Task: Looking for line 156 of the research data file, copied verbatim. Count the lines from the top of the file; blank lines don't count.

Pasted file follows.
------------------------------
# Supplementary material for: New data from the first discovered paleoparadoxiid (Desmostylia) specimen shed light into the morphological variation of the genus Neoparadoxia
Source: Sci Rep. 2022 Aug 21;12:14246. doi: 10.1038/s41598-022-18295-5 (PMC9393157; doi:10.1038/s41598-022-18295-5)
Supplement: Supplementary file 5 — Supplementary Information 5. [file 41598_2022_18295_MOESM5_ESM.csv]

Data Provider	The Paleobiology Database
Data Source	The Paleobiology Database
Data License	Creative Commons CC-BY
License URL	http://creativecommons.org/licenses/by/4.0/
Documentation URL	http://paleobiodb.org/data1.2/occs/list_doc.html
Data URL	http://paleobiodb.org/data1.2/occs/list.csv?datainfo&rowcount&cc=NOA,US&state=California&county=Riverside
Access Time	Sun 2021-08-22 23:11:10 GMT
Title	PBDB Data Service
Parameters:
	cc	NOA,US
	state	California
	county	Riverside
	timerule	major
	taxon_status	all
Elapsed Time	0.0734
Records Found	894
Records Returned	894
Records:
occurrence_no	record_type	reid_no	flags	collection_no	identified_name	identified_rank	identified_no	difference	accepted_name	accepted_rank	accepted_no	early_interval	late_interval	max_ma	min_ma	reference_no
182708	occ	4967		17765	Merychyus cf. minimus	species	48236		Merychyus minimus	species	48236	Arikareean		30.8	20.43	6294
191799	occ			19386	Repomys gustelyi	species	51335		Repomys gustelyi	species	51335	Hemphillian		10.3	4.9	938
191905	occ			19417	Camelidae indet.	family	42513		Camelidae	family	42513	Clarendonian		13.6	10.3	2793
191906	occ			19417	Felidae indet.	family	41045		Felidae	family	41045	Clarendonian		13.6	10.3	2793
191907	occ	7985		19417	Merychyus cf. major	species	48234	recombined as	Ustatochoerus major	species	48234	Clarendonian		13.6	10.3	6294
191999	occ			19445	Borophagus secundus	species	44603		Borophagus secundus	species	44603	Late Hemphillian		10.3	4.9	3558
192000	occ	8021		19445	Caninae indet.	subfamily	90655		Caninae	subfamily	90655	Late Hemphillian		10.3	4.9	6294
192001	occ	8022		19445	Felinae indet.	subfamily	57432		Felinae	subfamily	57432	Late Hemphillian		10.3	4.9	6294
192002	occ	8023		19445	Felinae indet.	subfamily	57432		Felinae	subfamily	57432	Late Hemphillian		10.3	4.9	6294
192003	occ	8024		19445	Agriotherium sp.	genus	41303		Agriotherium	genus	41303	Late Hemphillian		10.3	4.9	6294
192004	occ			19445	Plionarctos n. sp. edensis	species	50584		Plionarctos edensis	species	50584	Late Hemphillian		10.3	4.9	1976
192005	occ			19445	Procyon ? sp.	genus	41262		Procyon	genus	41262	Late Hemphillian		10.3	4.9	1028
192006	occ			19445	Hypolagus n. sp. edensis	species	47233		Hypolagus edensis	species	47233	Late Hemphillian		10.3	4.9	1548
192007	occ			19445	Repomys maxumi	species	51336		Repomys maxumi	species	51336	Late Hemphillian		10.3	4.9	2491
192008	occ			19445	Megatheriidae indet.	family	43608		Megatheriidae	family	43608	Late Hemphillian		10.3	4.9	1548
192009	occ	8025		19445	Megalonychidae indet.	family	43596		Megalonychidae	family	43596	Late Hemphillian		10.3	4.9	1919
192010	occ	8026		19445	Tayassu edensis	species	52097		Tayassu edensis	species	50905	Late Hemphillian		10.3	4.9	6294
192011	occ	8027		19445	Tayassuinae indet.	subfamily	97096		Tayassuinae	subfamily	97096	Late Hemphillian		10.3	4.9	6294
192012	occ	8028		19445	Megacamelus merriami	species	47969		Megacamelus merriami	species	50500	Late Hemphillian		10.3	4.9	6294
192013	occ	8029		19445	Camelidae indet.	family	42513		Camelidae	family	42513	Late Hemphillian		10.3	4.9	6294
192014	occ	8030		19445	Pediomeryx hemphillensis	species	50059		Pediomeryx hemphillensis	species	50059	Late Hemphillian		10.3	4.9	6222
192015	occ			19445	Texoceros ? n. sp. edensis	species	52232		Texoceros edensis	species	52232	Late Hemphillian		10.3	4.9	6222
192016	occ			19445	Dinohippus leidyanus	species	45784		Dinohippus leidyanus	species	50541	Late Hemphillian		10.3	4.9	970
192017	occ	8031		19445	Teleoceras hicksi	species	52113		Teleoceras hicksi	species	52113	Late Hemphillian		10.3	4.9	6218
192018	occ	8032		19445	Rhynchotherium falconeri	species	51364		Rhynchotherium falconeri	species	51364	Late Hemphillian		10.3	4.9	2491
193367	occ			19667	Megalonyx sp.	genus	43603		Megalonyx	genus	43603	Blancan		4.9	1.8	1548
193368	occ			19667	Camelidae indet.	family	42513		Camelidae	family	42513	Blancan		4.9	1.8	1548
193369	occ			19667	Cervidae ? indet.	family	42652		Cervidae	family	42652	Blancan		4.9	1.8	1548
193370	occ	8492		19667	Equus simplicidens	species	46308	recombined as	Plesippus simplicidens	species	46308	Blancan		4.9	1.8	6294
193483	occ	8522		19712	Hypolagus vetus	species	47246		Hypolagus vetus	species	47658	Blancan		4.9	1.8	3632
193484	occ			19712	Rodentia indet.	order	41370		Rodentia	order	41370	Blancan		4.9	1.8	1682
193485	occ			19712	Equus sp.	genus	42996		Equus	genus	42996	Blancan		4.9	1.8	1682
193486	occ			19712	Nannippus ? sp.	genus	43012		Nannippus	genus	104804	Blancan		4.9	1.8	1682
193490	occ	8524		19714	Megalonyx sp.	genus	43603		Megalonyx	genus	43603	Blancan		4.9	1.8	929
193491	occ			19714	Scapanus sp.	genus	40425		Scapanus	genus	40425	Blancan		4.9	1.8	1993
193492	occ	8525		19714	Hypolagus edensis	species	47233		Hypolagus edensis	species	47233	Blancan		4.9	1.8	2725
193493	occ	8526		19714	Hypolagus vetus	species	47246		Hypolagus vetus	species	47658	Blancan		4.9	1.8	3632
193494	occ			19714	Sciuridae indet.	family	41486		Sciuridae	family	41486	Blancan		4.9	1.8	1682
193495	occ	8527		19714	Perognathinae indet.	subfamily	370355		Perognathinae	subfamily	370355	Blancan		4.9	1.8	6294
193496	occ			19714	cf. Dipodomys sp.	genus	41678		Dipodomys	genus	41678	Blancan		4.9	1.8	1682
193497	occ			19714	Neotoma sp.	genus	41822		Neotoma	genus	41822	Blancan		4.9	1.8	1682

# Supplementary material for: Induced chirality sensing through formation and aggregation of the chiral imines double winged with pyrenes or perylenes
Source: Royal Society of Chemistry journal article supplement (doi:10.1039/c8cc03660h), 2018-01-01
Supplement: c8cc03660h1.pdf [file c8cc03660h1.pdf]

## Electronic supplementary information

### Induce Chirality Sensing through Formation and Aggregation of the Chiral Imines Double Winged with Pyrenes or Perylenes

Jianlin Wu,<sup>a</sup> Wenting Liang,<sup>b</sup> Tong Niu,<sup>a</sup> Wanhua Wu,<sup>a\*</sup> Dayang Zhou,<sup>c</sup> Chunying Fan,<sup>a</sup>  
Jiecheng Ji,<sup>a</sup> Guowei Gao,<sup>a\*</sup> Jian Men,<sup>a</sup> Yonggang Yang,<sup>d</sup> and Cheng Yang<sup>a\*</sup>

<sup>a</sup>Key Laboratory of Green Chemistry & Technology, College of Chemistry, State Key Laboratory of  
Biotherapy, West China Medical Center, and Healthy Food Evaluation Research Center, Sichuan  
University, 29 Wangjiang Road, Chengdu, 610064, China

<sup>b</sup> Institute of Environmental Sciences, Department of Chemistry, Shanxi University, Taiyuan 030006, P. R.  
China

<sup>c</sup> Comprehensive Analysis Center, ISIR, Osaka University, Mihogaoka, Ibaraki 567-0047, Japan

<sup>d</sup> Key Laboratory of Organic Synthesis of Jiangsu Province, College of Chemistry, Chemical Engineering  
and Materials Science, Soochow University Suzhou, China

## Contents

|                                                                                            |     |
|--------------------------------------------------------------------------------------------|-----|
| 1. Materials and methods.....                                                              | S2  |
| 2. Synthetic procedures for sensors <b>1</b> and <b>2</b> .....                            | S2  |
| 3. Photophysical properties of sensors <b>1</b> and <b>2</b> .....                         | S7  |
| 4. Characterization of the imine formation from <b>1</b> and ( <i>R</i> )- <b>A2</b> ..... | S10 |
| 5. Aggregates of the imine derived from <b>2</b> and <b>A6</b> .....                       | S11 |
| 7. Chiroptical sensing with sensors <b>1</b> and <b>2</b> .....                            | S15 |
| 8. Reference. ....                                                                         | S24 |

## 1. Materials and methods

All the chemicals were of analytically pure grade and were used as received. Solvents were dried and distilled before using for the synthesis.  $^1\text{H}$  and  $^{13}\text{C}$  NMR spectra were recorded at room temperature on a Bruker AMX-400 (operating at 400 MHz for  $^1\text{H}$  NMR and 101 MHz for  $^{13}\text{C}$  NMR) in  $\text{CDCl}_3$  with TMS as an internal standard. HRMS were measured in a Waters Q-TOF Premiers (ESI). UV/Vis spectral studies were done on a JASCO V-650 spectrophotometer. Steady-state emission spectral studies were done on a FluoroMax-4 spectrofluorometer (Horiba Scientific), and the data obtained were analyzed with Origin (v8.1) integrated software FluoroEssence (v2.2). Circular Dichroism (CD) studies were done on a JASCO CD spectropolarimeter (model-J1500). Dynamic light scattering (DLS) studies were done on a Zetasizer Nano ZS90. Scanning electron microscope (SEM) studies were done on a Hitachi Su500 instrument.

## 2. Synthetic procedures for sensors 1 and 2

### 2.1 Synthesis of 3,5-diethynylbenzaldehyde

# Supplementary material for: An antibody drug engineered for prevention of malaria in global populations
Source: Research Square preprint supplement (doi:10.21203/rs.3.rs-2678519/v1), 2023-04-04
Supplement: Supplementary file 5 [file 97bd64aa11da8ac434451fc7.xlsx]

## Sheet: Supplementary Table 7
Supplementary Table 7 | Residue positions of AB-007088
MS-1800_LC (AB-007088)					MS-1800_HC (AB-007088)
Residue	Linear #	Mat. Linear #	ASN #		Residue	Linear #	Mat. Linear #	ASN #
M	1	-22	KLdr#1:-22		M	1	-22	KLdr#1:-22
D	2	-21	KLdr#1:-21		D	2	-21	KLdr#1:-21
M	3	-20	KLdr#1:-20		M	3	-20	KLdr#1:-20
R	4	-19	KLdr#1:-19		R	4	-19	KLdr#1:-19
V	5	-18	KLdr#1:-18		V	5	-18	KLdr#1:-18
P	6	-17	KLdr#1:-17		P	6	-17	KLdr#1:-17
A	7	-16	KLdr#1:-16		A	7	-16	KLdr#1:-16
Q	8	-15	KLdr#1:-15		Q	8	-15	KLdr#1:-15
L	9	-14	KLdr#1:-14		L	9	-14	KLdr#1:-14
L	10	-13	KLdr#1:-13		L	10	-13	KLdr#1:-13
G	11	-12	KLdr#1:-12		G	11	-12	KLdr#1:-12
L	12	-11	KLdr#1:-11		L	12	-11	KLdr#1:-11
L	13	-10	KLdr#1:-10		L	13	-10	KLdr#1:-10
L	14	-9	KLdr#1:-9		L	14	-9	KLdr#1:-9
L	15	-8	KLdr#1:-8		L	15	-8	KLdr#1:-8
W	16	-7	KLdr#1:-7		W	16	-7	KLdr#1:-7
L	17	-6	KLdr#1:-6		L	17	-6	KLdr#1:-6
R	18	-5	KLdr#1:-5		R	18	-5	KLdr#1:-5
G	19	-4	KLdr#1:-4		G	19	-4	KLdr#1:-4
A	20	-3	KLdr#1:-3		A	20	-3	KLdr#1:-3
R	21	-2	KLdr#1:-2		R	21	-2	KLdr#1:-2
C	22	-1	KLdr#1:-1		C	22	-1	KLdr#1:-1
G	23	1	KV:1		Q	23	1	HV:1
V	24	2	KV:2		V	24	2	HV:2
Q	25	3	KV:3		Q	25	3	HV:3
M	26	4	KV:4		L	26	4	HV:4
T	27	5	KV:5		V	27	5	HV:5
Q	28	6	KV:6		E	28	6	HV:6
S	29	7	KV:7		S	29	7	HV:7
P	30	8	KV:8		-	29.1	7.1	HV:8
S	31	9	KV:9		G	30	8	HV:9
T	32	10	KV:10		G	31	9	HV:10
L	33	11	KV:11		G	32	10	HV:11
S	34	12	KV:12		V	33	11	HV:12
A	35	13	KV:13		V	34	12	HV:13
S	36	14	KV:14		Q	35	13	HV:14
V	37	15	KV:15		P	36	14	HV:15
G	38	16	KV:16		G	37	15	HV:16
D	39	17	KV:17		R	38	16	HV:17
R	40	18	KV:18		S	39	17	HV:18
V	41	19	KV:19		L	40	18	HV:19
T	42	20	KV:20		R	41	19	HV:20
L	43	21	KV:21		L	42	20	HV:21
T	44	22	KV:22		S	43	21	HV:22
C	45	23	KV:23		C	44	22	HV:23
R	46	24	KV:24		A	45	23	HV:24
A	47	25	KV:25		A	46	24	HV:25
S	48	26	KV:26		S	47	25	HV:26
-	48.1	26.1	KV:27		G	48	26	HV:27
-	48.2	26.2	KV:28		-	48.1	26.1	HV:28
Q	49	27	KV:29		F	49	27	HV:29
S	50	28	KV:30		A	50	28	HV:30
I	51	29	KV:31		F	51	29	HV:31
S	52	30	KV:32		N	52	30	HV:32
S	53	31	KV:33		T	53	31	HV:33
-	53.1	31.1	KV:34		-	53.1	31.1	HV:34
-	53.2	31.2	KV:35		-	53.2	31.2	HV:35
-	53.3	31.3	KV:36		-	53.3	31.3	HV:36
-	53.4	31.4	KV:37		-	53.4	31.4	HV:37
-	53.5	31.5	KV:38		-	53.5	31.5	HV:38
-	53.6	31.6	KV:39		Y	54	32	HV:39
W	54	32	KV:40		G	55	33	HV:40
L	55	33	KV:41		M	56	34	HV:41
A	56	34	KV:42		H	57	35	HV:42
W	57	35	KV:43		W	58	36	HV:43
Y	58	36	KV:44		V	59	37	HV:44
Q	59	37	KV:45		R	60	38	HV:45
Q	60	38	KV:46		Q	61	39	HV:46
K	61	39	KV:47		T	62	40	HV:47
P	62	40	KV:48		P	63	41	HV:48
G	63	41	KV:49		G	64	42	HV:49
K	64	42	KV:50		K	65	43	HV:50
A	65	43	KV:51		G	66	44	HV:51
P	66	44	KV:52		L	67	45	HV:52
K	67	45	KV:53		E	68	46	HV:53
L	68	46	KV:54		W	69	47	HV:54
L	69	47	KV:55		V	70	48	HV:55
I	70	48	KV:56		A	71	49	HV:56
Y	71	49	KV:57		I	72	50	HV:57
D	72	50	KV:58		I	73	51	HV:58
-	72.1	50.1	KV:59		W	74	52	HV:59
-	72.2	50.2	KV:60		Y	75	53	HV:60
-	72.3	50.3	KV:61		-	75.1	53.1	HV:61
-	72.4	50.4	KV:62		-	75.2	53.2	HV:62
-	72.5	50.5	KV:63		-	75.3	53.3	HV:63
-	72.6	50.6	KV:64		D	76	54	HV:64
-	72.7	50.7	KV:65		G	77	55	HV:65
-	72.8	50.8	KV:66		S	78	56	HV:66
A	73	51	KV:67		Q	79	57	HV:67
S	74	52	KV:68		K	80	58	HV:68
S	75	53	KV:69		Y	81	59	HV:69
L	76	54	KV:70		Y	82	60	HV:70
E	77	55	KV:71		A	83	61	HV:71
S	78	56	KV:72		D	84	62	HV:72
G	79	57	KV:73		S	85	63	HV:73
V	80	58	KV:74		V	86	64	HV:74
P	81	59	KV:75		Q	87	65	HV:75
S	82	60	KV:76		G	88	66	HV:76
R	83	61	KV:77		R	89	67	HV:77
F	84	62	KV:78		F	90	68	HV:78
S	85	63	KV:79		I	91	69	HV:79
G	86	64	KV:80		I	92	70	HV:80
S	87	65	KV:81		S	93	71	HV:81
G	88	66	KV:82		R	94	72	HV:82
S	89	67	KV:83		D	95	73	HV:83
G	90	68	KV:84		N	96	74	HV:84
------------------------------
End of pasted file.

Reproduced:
-	53.2	31.2	KV:35		-	53.2	31.2	HV:35